Looking back at the PlayStation 4


Courtesy of Fabian Albert/Unsplash

The PlayStation 4 was the default gaming device for the last seven years, and for good reason.

Shreyas Banerjee, A&E Editor

The PlayStation 5 and Xbox Series X and Series S released this week, ushering in a new generation of gaming consoles, with their increased power, graphical output and the potential for more impressive and expansive games. However, before we all go bananas over the latest renderings of polygons and high resolution puddle rendering, let’s look back over the last several years of gaming and all the joys it brought.

With the advent of smartphones and mobile gaming, many prognosticators thought traditional console gaming was on its way out, and while the industry has changed, it is more healthy than ever. Video game sales are higher than they’ve ever been this year, partly due to the pandemic, but also because of the entrenchment of video games as an entertainment medium, with the same cultural stature as movies and music. In fact, the video game industry now makes billions more than Hollywood. Reputable newspapers like The Washington Post have now started covering the video game industry, and new awards programs like The Game Awards have added prestige to video games that previously weren’t there. All in all, through the past generation of consoles, video games have been in a better shape than ever before.

And the console leading the charge in all aspects for the past few years has been Sony’s PlayStation 4. There are three main players in the video game console space currently: the classic Nintendo, who has found success with their family games and newest console, the Nintendo Switch, Microsoft, who has produced the Xbox line of consoles and Sony with their PlayStation line. While Nintendo is usually in their own space with their more unique consoles, Xbox and Playstation have been direct competitors for almost two decades now, each aiming to become the default video game console. The PlayStation 2 trounced the original Xbox in sales in the early 2000s, becoming the highest-selling game console of all time, while the PlayStation 3 and Xbox 360 had relatively even sales, though the Xbox 360 did have higher sales for most of the generation.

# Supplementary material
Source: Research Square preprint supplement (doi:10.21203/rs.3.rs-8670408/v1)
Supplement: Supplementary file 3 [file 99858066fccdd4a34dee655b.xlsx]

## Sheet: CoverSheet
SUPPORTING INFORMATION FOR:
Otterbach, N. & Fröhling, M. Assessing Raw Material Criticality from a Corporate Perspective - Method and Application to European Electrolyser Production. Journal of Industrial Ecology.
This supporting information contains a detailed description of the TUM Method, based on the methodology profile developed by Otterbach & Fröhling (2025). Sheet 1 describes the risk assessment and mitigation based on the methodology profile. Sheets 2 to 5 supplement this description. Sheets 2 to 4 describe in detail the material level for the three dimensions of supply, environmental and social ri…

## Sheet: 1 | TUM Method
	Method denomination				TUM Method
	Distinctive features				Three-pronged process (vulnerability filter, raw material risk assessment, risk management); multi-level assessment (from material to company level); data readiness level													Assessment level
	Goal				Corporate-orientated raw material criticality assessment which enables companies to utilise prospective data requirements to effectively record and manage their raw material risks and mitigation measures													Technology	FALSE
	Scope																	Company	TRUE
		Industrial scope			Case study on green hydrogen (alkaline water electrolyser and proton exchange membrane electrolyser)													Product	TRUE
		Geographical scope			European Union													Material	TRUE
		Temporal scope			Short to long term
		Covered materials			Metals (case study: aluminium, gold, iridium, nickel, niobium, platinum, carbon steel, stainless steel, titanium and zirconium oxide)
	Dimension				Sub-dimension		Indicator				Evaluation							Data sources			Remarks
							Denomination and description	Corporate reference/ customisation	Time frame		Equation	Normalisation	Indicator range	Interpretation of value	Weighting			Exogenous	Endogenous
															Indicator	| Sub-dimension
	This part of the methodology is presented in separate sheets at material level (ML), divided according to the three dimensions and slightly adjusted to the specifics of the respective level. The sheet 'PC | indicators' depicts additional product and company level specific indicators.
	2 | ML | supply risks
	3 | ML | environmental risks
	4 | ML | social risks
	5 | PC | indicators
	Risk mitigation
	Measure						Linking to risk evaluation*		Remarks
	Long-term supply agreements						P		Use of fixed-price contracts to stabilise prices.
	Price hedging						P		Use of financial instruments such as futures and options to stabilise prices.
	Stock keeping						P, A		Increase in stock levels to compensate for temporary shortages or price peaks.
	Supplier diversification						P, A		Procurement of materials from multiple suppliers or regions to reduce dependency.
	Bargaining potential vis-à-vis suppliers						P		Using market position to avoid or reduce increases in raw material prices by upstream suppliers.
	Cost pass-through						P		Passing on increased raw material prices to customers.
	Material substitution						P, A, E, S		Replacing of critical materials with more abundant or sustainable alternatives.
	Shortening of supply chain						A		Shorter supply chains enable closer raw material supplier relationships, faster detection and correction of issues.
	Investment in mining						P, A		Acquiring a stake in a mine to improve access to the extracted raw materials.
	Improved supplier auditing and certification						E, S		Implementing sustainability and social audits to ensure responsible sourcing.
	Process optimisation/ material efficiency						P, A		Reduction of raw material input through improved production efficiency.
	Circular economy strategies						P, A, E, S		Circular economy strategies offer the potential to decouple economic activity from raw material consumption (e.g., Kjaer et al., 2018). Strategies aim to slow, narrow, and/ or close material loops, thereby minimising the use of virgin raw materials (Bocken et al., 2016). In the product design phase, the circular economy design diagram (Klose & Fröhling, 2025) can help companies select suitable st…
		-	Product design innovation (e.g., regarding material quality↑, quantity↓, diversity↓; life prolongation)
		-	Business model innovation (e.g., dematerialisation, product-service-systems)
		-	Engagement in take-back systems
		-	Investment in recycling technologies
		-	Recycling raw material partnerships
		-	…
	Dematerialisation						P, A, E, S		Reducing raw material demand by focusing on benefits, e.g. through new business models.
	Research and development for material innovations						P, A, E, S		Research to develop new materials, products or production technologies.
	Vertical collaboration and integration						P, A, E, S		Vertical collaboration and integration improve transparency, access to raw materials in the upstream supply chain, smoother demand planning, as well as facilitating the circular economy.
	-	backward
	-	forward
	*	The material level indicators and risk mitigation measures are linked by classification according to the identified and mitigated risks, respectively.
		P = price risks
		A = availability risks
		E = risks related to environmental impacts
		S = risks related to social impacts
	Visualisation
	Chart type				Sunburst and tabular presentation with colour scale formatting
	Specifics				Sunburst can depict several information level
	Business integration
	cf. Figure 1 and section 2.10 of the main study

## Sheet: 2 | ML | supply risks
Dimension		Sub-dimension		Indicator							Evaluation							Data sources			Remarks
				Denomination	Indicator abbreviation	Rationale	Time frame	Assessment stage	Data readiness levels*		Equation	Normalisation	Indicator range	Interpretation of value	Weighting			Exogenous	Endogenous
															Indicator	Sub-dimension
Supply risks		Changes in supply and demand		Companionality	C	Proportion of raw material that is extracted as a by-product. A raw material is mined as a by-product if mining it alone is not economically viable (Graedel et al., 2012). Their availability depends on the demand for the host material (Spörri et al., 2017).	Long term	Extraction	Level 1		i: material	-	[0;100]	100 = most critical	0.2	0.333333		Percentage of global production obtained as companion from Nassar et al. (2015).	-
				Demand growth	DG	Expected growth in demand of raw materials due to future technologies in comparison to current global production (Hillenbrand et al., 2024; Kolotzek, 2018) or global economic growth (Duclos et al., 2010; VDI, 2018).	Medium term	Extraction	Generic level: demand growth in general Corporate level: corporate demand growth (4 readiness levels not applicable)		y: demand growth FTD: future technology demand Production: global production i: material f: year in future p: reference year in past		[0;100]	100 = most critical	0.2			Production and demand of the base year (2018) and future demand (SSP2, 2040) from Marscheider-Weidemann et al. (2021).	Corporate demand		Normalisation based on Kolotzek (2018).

In the last generation, however, the PlayStation 4 (PS4) pulled ahead of the Xbox One by a considerable margin, becoming the default platform for all things gaming, and there’s good reason for that. Since its launch in 2013, the PS4 has become one of the highest-selling gaming consoles, with appeal across the world. All together, the PS4 has been one of the best gaming experiences out there, with a robust game library and strong value. 

The thing that makes the PS4 most special is that it knows what it is: a games console, and it’s damn good at it. The Xbox One launched with a focus of being an all-in-one home entertainment device that integrated user’s cable television and tried to move against digital game rights and used game sales. However, the PS4, from launch, focused on the experience of playing games and the utilities that would enhance that experience. Featuring services like built-in media sharing and live streaming, the PS4 allowed players to build communities around their games straight from the consoles. Additional features like “Remote Play,” where a game can be streamed and played off-console on smartphones, tablets or laptops, expanded the accessibility of games as well. The fact that the PS4 was initially $100 cheaper than the Xbox One didn’t hurt either.

However, the single most important factor for any console is the games available for it, and the PS4 delivered in spades. For years, Sony Interactive has been buying out game studios to make games exclusively for their platforms, a strategy that paid off in full force this generation, making the PS4 the platform for prestige gaming. Every year, many of the best and most important games were coming out for PS4 and PS4 only, almost akin to the dominance of HBO in quality television. Yes, many games were available for both the PS4 and Xbox One, including great ones like Grand Theft Auto V, Red Dead Redemption 2, Metal Gear Solid V: The Phantom Pain, Overwatch and The Witcher 3: Wild Hunt, along with the usual sports games and Call of Duty games. However, for the best games of the generation, you had to go to PlayStation.

Under the branding of Sony Interactive Entertainment, games on the PS4 from Sony-owned developers created the most buzz each year, along with games that had exclusivity deals with PlayStation, making the PS4 the platform for the best games. From 2014’s open world blast of “Infamous: Second Son” to 2015’s grueling “Bloodborne” to 2016’s action bonanza of “Uncharted 4: A Thief’s End” to 2018’s series-redefining “God of War” to 2019’s thought-provoking “Death Stranding” to 2020’s controversial, but ground-breaking “The Last of Us Part II,” the games were consistently great. That list doesn’t even include games like the superhero extravaganza of “Marvel’s Spider-Man” and the samurai cinema love letter of “Ghost of Tsushima”. Through it all, the PS4 constantly delivered the best experiences in video games in its clean, sleek design, making it clear why it has sold over 110 million units.

Whether the PlayStation 5 lives up to its predecessor’s legacy remains to be seen, but the PlayStation 4 will remain one of the greatest consoles of all time and a worthy companion through these years.